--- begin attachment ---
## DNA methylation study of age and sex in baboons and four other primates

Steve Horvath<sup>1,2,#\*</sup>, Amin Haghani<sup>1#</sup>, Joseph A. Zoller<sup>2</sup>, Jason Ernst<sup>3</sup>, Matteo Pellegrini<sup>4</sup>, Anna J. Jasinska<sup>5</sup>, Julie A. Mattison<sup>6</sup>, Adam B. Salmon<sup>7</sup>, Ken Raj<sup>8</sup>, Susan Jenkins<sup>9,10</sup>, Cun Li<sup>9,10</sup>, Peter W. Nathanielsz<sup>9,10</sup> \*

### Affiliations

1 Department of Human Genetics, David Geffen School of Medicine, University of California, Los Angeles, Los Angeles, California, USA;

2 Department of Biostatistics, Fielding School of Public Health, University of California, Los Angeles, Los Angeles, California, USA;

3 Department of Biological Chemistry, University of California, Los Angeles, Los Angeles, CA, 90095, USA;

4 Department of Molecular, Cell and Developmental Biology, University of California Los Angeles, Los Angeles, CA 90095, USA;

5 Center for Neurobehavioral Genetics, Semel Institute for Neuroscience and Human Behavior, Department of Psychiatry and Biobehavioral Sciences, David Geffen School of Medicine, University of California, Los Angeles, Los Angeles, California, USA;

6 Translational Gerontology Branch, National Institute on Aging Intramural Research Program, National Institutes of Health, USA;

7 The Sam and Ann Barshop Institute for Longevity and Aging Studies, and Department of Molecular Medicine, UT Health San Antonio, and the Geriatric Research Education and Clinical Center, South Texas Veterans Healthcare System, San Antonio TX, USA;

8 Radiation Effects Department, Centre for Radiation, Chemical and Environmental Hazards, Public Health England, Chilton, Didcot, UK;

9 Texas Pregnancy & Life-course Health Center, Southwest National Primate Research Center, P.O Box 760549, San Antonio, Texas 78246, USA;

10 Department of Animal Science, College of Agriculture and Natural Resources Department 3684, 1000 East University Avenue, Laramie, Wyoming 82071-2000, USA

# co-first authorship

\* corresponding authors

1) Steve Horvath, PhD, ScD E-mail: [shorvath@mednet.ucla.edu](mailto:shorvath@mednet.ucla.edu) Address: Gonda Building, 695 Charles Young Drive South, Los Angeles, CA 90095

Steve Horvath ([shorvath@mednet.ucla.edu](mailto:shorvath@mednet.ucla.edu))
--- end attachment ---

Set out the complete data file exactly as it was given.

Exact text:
## DNA methylation study of age and sex in baboons and four other primates

Steve Horvath<sup>1,2,#\*</sup>, Amin Haghani<sup>1#</sup>, Joseph A. Zoller<sup>2</sup>, Jason Ernst<sup>3</sup>, Matteo Pellegrini<sup>4</sup>, Anna J. Jasinska<sup>5</sup>, Julie A. Mattison<sup>6</sup>, Adam B. Salmon<sup>7</sup>, Ken Raj<sup>8</sup>, Susan Jenkins<sup>9,10</sup>, Cun Li<sup>9,10</sup>, Peter W. Nathanielsz<sup>9,10</sup> \*

### Affiliations

1 Department of Human Genetics, David Geffen School of Medicine, University of California, Los Angeles, Los Angeles, California, USA;

2 Department of Biostatistics, Fielding School of Public Health, University of California, Los Angeles, Los Angeles, California, USA;

3 Department of Biological Chemistry, University of California, Los Angeles, Los Angeles, CA, 90095, USA;

4 Department of Molecular, Cell and Developmental Biology, University of California Los Angeles, Los Angeles, CA 90095, USA;

5 Center for Neurobehavioral Genetics, Semel Institute for Neuroscience and Human Behavior, Department of Psychiatry and Biobehavioral Sciences, David Geffen School of Medicine, University of California, Los Angeles, Los Angeles, California, USA;

6 Translational Gerontology Branch, National Institute on Aging Intramural Research Program, National Institutes of Health, USA;

7 The Sam and Ann Barshop Institute for Longevity and Aging Studies, and Department of Molecular Medicine, UT Health San Antonio, and the Geriatric Research Education and Clinical Center, South Texas Veterans Healthcare System, San Antonio TX, USA;

8 Radiation Effects Department, Centre for Radiation, Chemical and Environmental Hazards, Public Health England, Chilton, Didcot, UK;

9 Texas Pregnancy & Life-course Health Center, Southwest National Primate Research Center, P.O Box 760549, San Antonio, Texas 78246, USA;

10 Department of Animal Science, College of Agriculture and Natural Resources Department 3684, 1000 East University Avenue, Laramie, Wyoming 82071-2000, USA

# co-first authorship

\* corresponding authors

1) Steve Horvath, PhD, ScD E-mail: [shorvath@mednet.ucla.edu](mailto:shorvath@mednet.ucla.edu) Address: Gonda Building, 695 Charles Young Drive South, Los Angeles, CA 90095

Steve Horvath ([shorvath@mednet.ucla.edu](mailto:shorvath@mednet.ucla.edu))